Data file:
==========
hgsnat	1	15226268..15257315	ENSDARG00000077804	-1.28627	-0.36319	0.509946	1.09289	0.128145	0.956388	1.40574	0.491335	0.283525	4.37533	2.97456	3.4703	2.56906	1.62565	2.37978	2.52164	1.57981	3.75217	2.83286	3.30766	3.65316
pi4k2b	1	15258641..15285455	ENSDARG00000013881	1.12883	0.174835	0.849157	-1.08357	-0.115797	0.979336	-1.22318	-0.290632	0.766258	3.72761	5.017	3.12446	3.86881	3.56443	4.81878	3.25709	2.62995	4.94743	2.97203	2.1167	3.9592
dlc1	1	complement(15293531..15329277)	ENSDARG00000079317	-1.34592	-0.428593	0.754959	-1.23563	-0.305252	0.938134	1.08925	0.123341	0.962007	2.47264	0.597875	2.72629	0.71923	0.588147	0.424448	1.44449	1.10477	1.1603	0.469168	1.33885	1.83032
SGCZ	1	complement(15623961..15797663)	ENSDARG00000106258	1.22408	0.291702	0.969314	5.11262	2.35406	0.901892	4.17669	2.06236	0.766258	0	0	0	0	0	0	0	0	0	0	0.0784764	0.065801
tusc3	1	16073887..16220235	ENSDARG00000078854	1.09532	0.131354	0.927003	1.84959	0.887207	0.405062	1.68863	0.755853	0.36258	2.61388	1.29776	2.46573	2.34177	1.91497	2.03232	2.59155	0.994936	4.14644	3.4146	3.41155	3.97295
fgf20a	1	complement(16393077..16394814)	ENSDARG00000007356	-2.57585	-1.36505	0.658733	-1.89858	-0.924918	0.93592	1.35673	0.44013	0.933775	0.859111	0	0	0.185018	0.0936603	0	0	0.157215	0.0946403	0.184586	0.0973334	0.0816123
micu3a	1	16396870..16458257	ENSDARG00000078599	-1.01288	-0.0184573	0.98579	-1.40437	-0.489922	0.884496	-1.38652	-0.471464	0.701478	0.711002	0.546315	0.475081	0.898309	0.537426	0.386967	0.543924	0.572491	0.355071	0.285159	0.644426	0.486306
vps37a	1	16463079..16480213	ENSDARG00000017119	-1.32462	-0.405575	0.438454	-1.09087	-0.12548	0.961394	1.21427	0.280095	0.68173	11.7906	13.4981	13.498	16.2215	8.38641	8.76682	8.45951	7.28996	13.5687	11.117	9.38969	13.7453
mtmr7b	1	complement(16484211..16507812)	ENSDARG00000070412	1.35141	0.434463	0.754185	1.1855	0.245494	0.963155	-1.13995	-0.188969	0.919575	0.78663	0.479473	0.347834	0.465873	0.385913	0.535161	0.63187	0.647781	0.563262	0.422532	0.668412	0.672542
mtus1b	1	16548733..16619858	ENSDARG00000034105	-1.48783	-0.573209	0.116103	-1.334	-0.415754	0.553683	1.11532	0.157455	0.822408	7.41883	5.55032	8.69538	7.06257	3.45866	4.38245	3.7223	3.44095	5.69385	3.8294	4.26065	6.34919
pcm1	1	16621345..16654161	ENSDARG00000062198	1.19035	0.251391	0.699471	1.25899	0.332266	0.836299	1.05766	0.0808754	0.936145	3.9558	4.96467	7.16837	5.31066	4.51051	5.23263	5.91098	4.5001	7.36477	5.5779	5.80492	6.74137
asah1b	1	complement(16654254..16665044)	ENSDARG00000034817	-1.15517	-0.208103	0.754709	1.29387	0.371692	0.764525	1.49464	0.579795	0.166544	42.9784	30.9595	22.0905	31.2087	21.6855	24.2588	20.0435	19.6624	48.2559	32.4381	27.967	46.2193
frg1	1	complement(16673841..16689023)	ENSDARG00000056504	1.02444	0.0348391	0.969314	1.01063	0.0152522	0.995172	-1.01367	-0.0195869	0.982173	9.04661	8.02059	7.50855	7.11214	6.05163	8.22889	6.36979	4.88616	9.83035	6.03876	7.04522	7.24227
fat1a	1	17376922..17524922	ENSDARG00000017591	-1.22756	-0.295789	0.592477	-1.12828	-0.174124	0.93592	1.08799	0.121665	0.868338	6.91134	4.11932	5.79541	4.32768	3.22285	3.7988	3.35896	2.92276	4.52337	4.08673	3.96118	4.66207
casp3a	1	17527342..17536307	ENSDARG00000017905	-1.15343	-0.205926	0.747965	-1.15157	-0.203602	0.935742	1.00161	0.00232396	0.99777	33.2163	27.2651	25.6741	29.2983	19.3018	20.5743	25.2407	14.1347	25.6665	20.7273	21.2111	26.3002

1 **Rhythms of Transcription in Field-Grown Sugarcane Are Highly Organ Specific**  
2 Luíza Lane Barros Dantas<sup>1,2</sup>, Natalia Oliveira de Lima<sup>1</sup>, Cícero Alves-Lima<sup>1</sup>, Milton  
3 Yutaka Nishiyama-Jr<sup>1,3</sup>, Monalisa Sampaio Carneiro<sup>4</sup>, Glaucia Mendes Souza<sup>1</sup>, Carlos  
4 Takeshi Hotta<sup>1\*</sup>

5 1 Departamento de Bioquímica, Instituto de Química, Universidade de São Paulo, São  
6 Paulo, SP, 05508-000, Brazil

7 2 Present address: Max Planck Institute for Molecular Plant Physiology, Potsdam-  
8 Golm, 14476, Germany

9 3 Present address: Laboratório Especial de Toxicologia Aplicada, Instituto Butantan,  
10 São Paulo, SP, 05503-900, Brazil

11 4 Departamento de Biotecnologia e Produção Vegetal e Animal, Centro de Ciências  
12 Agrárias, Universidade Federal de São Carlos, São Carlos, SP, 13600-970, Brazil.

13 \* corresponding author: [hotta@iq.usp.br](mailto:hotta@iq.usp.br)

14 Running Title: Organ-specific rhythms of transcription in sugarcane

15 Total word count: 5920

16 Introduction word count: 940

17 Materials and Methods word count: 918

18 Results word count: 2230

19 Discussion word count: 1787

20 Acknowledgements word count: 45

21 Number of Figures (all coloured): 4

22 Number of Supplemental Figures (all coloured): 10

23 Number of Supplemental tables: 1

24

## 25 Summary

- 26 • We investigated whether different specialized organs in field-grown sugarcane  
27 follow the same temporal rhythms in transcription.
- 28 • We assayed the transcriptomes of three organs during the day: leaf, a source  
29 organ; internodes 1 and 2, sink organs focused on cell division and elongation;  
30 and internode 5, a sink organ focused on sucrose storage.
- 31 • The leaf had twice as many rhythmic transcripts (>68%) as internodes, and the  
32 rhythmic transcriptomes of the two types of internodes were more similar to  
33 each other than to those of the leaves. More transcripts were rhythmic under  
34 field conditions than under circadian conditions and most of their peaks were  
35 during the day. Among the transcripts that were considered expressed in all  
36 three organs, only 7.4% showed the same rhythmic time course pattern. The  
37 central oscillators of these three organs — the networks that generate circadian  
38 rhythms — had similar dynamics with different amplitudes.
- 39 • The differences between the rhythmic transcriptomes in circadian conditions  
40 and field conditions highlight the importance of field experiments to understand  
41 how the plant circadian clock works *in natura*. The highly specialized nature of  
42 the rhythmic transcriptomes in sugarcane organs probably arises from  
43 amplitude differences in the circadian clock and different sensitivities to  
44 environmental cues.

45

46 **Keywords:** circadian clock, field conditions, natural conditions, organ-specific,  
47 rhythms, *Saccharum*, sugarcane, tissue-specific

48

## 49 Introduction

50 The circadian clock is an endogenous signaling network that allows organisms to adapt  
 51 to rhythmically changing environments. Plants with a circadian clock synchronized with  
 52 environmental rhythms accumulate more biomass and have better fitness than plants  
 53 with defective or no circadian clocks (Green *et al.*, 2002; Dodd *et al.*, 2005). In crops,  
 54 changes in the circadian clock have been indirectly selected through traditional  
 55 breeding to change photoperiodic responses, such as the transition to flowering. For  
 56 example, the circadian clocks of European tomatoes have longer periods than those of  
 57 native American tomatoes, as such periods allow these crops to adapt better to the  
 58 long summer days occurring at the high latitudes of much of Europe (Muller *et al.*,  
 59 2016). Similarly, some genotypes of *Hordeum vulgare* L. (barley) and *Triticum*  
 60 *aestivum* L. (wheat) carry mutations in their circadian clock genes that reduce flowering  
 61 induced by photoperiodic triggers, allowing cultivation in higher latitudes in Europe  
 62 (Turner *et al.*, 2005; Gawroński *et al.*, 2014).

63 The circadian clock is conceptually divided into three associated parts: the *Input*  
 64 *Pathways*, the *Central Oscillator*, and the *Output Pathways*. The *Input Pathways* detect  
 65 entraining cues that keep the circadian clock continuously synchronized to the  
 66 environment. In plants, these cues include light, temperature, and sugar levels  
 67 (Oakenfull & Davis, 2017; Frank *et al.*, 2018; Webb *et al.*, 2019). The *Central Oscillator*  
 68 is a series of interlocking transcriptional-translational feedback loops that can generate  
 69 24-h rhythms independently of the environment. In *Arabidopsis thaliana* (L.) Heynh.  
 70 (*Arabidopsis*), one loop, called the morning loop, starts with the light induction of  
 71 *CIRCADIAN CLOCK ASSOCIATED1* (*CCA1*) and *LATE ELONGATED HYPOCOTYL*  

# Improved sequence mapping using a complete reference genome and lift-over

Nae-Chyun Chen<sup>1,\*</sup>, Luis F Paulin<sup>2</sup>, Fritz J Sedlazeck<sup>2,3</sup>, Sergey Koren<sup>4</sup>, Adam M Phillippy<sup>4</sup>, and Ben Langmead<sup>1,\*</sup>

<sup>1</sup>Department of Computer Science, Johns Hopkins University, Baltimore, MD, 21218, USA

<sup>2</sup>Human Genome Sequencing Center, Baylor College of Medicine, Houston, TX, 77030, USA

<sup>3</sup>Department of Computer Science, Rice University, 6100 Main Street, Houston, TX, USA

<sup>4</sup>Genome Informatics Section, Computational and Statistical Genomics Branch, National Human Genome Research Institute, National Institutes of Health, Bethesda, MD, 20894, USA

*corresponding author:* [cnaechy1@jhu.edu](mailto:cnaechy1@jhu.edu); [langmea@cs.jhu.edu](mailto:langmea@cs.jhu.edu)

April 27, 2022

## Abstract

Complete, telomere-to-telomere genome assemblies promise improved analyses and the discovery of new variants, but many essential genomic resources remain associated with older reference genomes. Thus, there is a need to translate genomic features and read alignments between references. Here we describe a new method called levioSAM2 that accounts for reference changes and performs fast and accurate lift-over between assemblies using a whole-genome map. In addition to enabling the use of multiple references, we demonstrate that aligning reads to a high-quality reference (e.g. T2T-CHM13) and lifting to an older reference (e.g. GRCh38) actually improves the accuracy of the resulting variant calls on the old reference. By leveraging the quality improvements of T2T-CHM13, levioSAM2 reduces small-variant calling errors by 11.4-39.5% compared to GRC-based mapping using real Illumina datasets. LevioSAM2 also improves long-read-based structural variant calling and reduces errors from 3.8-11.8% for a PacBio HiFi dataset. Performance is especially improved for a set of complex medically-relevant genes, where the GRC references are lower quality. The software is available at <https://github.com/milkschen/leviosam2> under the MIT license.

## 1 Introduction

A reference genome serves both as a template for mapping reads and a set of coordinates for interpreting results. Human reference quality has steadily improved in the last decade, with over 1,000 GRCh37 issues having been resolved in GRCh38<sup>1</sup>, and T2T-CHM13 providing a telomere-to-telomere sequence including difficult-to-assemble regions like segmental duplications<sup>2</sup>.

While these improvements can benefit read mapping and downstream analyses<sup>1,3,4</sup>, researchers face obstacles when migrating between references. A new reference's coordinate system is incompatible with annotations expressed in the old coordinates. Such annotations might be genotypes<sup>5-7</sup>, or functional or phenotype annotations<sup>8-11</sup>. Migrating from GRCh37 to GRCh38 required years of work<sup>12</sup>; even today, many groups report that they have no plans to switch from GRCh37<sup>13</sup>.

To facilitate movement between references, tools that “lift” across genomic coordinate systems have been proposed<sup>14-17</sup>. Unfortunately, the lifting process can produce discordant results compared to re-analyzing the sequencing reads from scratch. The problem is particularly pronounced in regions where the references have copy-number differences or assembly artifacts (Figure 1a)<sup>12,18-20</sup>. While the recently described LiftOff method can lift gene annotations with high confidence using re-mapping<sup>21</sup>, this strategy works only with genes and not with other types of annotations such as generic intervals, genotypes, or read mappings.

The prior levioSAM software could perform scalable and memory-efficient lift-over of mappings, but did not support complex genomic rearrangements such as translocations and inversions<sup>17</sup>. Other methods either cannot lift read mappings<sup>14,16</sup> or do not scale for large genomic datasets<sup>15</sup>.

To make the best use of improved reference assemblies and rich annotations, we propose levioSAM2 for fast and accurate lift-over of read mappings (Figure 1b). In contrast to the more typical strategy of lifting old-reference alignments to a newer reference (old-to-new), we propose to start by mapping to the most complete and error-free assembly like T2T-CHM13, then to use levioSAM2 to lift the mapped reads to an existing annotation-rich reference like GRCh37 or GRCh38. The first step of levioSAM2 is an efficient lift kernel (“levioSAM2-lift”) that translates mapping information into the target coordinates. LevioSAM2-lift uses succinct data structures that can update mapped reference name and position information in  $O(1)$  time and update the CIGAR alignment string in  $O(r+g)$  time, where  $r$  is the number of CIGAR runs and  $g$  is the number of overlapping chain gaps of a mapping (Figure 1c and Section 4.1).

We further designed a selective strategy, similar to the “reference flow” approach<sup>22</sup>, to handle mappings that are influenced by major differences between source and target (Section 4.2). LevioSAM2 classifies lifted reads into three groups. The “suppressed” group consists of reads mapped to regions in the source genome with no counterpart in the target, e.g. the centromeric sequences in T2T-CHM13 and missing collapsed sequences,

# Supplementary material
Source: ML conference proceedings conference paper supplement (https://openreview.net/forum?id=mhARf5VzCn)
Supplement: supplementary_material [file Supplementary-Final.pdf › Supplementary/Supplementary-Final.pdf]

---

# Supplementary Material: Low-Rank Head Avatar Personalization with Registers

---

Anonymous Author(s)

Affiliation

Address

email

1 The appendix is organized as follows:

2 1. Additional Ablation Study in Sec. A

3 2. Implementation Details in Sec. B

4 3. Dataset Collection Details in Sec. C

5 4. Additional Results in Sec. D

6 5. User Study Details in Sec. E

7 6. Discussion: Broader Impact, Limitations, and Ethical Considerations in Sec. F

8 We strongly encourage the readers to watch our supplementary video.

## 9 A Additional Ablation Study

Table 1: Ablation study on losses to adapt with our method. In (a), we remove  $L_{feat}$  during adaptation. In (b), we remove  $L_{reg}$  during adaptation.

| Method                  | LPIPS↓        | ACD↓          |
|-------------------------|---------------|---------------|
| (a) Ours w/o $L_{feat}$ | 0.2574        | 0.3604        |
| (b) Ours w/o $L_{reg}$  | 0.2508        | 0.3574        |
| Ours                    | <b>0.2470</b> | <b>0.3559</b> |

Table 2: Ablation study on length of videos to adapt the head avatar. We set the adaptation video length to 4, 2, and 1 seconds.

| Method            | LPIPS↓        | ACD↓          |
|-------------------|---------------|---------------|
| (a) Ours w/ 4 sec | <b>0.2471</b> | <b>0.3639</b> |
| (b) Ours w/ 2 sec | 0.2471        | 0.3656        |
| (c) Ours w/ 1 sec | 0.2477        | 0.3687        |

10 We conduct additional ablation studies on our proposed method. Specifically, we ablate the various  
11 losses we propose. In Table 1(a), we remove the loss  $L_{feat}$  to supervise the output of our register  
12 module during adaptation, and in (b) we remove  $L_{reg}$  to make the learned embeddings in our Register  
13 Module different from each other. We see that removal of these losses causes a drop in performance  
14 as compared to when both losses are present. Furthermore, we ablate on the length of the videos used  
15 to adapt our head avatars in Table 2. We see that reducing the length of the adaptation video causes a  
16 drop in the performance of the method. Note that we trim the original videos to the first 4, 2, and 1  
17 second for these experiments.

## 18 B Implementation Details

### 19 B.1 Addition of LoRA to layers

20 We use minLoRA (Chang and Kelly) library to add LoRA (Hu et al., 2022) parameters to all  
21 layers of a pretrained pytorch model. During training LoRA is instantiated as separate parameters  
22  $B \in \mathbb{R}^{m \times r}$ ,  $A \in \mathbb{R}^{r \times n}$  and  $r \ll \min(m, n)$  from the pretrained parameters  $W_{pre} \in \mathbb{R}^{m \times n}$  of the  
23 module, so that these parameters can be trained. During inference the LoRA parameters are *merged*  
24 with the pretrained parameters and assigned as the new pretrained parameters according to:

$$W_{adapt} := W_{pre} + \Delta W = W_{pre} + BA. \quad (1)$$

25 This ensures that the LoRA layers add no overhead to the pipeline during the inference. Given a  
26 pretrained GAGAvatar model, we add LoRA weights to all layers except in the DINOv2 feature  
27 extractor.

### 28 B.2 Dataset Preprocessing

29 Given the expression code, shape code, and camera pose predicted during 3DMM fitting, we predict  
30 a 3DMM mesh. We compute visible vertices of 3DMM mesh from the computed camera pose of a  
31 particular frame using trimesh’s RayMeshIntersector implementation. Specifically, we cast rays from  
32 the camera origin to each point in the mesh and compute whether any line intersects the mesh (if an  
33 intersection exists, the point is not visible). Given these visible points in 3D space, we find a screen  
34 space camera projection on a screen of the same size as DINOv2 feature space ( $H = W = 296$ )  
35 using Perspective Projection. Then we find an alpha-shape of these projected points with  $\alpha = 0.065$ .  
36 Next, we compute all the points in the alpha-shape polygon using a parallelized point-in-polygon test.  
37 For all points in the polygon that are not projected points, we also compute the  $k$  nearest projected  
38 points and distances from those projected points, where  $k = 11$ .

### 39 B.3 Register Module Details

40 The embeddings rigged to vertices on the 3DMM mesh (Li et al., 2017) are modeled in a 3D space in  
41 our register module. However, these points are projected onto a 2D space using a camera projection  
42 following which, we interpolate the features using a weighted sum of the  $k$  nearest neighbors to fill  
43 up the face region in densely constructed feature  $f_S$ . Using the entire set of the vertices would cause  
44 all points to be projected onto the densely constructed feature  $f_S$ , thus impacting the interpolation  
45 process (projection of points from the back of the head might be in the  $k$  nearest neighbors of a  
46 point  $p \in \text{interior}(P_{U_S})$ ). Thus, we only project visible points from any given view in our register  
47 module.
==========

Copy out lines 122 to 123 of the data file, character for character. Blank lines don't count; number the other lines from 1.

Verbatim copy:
## 9 A Additional Ablation Study

Table 1: Ablation study on losses to adapt with our method. In (a), we remove  $L_{feat}$  during adaptation. In (b), we remove  $L_{reg}$  during adaptation.